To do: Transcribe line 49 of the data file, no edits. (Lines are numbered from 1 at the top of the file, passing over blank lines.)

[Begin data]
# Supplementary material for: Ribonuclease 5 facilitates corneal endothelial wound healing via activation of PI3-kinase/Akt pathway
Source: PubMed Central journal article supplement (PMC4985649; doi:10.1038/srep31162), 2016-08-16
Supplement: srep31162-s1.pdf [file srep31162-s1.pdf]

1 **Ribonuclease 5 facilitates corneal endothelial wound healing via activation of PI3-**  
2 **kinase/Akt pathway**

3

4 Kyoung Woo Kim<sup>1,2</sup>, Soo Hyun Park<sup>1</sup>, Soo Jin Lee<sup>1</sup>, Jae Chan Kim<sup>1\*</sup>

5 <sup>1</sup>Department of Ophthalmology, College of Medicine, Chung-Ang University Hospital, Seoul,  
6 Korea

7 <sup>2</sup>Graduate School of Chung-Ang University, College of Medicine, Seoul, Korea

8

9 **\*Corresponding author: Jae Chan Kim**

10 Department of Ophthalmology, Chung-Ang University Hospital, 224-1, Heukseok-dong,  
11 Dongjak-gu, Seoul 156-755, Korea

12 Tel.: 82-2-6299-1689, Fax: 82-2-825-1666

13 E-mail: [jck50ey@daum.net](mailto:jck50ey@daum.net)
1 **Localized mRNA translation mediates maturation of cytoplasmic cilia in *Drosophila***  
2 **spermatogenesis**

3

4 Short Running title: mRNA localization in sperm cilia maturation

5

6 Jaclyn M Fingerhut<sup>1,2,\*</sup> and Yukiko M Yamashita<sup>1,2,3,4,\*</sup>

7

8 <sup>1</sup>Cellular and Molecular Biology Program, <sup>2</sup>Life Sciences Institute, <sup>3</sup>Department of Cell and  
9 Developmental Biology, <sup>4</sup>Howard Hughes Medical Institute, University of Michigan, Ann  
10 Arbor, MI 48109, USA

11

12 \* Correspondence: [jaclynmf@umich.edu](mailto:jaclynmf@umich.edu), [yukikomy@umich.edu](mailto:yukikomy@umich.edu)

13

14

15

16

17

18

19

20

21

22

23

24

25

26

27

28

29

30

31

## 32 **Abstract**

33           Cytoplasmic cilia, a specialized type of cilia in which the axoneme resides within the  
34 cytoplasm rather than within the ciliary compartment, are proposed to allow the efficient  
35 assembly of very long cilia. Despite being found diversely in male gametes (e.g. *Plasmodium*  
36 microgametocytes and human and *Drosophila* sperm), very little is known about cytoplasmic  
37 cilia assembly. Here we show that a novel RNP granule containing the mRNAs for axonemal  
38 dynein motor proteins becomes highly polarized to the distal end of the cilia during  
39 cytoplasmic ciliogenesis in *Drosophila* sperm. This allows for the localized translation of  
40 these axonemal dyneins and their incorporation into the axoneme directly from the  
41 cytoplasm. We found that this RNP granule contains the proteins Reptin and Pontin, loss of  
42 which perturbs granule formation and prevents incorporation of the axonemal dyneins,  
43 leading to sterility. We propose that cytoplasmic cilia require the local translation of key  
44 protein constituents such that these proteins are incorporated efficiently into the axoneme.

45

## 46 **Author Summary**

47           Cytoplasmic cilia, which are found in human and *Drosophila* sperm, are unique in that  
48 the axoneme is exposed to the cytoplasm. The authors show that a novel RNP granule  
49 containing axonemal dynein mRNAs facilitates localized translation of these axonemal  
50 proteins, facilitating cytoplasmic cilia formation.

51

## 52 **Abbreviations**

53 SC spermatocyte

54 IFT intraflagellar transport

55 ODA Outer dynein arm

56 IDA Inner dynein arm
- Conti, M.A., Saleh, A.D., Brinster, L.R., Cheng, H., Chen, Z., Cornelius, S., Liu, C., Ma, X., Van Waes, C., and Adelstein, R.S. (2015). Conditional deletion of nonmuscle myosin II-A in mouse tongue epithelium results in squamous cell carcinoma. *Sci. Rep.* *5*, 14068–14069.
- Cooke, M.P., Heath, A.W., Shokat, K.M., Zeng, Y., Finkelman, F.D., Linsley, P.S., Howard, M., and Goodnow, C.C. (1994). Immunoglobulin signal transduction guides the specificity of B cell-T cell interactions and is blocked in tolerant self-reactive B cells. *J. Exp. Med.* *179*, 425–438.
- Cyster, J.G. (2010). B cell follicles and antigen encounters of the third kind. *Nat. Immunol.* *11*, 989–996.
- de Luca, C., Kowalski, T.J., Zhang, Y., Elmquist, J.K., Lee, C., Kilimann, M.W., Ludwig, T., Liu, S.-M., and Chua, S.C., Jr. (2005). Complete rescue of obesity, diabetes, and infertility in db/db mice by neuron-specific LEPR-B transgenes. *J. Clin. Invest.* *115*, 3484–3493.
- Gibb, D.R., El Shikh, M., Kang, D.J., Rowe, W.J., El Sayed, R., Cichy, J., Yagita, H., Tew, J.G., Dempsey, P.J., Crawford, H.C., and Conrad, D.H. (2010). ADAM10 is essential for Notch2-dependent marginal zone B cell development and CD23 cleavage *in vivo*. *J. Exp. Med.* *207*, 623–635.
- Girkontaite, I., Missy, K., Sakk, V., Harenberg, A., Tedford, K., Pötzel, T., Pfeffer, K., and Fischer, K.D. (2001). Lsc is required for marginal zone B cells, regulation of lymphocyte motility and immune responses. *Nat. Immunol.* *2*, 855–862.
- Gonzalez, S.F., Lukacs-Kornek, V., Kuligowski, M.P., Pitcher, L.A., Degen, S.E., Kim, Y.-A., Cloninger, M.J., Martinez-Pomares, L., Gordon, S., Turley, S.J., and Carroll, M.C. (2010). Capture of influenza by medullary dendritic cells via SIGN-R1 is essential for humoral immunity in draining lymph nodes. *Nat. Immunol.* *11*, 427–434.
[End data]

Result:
33           Cytoplasmic cilia, a specialized type of cilia in which the axoneme resides within the  